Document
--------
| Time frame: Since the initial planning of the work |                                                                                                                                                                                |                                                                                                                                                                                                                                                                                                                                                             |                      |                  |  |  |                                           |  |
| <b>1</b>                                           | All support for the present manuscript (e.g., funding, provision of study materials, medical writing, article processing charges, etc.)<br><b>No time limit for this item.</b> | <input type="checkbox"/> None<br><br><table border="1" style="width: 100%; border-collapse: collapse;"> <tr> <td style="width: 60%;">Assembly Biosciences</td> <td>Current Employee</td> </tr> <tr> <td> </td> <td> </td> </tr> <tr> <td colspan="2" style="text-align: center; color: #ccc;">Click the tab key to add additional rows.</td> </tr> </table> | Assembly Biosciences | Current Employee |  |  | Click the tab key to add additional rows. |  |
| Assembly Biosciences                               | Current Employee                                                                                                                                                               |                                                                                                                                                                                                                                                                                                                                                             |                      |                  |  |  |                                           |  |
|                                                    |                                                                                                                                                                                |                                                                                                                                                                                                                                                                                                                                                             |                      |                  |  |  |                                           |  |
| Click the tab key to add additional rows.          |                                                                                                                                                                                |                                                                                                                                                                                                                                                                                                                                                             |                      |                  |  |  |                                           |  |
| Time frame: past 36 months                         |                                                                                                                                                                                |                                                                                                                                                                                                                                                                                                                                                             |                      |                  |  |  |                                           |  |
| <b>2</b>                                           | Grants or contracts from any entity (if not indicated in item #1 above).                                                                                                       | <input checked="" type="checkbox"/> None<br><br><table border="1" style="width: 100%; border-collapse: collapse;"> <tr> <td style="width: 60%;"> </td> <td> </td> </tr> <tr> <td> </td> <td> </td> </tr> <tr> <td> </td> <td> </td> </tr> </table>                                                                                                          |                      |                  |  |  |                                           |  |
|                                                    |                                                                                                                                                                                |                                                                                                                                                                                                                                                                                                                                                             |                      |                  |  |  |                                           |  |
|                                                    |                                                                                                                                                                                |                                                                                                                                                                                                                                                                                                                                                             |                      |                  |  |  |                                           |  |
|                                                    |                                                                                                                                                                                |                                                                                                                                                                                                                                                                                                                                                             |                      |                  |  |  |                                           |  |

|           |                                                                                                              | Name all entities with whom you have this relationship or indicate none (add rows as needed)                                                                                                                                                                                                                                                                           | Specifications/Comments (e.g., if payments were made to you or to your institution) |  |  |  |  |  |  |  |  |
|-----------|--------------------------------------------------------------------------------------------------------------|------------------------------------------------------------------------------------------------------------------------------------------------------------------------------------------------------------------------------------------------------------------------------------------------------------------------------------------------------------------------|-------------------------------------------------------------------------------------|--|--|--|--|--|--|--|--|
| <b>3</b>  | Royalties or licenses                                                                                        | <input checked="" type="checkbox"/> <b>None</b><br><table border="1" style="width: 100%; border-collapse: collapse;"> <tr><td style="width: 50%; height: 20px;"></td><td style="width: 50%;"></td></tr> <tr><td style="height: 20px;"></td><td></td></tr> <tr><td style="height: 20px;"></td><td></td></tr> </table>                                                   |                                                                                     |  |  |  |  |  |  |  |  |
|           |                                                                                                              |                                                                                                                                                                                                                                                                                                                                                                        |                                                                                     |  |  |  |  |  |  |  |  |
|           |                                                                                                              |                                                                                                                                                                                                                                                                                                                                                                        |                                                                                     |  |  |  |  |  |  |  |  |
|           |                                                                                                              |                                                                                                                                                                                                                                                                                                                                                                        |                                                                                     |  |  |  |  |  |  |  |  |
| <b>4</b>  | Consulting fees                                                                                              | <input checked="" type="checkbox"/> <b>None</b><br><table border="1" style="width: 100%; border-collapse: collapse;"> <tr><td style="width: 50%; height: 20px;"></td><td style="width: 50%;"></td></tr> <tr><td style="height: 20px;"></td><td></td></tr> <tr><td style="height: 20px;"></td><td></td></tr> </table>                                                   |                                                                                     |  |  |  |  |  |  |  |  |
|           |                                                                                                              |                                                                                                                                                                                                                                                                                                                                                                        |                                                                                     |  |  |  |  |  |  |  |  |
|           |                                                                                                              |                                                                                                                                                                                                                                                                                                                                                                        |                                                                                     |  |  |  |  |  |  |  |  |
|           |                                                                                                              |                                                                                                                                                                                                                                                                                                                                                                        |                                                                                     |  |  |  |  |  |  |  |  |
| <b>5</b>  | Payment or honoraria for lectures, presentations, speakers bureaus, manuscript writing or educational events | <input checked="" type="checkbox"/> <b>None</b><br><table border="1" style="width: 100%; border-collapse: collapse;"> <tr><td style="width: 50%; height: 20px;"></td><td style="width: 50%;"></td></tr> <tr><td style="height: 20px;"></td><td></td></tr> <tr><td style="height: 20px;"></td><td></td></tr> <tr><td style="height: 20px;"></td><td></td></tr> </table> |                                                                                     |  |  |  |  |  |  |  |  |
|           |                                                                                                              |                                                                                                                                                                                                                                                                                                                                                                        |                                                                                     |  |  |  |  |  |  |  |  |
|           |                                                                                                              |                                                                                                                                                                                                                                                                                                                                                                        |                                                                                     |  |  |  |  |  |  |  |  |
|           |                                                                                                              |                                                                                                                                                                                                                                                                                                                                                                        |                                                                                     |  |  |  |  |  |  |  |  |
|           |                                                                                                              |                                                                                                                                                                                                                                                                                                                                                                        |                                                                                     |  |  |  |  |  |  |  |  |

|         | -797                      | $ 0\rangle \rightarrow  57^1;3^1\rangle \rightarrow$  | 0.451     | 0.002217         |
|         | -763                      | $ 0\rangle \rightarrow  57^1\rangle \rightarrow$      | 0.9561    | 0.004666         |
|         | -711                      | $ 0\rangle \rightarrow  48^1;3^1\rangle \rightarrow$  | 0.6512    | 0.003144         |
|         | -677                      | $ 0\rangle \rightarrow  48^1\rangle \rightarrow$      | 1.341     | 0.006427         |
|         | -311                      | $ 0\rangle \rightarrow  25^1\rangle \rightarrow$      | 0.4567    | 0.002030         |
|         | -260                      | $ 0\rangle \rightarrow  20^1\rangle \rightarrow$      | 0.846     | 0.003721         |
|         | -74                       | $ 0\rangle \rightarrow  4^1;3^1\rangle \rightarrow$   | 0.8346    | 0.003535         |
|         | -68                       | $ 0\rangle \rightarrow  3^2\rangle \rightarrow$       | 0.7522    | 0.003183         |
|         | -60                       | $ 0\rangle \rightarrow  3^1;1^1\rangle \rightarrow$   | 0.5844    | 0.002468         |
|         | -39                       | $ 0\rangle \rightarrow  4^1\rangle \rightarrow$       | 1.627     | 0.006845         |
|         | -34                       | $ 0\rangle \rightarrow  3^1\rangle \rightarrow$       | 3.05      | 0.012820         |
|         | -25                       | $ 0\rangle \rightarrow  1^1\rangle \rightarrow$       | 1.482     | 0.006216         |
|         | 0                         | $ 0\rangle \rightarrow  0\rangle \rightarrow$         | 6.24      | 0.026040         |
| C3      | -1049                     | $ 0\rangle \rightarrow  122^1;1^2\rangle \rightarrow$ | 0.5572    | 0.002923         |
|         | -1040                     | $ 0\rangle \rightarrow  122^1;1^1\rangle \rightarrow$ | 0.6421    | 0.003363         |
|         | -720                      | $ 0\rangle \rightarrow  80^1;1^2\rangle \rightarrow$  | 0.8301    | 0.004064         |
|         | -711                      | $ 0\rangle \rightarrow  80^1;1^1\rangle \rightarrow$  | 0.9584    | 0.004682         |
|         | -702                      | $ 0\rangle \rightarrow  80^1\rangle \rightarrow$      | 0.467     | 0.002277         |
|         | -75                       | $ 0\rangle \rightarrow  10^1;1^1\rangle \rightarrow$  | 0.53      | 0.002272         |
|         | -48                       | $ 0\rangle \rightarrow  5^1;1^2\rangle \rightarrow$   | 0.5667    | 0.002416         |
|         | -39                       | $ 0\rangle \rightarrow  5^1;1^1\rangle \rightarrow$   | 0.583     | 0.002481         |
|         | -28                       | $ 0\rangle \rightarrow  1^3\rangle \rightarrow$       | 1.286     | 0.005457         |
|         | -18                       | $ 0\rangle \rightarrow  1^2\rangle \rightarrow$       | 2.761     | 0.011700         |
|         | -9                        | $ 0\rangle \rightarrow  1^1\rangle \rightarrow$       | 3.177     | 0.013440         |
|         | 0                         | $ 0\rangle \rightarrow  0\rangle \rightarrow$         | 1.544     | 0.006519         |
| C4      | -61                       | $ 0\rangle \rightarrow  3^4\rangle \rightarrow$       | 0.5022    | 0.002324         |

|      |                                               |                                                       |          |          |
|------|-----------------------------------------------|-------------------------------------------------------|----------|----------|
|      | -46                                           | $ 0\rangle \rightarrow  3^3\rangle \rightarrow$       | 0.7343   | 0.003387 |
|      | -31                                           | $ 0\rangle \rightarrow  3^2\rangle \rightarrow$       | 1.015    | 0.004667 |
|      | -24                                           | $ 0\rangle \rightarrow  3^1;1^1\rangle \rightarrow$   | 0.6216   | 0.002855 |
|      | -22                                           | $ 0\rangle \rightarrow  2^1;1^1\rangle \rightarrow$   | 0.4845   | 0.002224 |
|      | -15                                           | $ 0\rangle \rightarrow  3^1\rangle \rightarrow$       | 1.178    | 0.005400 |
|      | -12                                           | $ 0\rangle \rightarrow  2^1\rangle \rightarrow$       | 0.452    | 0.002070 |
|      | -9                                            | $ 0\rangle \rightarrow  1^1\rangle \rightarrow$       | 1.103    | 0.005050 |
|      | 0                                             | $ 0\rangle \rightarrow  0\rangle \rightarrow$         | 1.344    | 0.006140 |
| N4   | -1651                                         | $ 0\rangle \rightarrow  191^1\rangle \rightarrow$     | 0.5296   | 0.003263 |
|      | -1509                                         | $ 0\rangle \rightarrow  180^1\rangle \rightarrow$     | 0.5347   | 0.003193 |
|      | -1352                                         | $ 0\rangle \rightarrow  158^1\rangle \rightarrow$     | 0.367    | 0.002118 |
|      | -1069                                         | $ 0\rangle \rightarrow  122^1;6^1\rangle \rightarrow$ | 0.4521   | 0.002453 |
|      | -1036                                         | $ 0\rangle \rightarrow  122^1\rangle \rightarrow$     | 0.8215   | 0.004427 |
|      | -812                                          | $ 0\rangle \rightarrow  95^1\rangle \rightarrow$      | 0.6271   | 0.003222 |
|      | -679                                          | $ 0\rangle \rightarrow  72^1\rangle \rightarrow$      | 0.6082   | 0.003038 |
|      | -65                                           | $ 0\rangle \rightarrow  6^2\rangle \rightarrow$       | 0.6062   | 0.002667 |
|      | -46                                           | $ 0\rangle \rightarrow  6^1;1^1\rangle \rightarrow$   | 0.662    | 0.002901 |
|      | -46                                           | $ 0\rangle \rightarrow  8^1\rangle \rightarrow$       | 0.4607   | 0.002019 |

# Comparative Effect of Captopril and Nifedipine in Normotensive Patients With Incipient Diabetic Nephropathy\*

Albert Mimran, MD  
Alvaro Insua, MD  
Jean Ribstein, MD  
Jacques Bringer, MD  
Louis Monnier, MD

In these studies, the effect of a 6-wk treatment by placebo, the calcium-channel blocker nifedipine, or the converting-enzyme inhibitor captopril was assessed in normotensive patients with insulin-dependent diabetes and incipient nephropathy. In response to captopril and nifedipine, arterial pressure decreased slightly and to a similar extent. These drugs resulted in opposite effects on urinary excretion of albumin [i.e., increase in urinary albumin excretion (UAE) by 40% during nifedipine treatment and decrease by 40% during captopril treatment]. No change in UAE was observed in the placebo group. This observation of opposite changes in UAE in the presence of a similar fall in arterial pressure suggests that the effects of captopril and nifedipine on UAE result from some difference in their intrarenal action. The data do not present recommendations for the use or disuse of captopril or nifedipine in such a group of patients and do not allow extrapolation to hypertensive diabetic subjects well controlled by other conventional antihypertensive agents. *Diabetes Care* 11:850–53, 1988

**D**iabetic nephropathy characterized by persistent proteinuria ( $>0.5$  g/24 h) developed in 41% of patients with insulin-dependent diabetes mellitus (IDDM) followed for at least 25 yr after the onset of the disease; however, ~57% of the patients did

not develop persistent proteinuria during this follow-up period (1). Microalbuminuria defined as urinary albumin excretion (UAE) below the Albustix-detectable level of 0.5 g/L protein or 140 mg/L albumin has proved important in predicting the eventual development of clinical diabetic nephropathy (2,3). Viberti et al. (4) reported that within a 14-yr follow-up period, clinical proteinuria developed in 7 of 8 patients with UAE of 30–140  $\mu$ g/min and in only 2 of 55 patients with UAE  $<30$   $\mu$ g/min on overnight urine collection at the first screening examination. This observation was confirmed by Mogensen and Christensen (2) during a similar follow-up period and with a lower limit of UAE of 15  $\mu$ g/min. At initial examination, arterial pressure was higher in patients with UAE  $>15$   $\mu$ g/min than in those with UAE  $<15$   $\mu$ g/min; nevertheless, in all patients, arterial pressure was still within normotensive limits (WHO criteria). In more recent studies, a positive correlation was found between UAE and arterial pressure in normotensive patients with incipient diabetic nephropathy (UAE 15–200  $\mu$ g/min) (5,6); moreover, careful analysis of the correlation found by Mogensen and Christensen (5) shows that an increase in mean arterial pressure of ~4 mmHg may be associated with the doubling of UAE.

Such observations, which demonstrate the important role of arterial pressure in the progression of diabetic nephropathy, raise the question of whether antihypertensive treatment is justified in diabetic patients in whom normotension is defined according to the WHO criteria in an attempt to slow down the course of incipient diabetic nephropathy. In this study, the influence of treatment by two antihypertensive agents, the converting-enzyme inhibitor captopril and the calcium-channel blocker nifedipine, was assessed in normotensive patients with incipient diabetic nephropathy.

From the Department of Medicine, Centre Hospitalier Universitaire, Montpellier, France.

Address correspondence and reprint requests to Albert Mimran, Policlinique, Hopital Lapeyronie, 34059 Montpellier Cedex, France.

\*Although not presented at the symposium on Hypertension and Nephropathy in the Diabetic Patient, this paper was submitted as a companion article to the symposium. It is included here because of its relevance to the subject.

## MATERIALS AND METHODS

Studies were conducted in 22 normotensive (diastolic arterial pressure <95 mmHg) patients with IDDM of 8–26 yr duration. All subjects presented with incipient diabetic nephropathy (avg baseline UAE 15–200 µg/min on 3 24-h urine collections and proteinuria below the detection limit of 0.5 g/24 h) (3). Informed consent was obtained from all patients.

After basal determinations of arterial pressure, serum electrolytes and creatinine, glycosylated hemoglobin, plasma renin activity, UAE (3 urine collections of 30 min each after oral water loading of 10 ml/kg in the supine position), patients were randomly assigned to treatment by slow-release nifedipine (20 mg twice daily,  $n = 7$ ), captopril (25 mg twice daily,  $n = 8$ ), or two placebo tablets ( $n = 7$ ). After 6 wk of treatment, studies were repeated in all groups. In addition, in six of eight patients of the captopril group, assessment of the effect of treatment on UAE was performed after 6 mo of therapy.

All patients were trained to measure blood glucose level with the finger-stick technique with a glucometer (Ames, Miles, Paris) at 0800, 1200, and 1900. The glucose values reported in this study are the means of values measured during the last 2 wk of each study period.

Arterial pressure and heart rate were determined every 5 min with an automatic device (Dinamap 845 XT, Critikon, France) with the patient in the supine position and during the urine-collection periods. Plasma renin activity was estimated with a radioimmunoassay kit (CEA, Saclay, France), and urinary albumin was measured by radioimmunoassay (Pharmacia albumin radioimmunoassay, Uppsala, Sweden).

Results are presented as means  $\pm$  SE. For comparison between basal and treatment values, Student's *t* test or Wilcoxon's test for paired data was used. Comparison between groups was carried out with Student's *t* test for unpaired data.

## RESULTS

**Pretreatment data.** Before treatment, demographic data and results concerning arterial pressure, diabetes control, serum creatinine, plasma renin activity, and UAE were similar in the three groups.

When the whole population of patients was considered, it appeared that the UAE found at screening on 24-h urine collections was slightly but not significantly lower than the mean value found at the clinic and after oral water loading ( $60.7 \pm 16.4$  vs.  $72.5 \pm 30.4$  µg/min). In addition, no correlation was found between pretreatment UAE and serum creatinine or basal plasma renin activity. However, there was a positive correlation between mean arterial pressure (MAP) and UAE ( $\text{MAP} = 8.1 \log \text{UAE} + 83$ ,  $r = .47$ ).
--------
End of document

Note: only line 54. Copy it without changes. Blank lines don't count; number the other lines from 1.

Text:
|      | -46                                           | $ 0\rangle \rightarrow  3^3\rangle \rightarrow$       | 0.7343   | 0.003387 |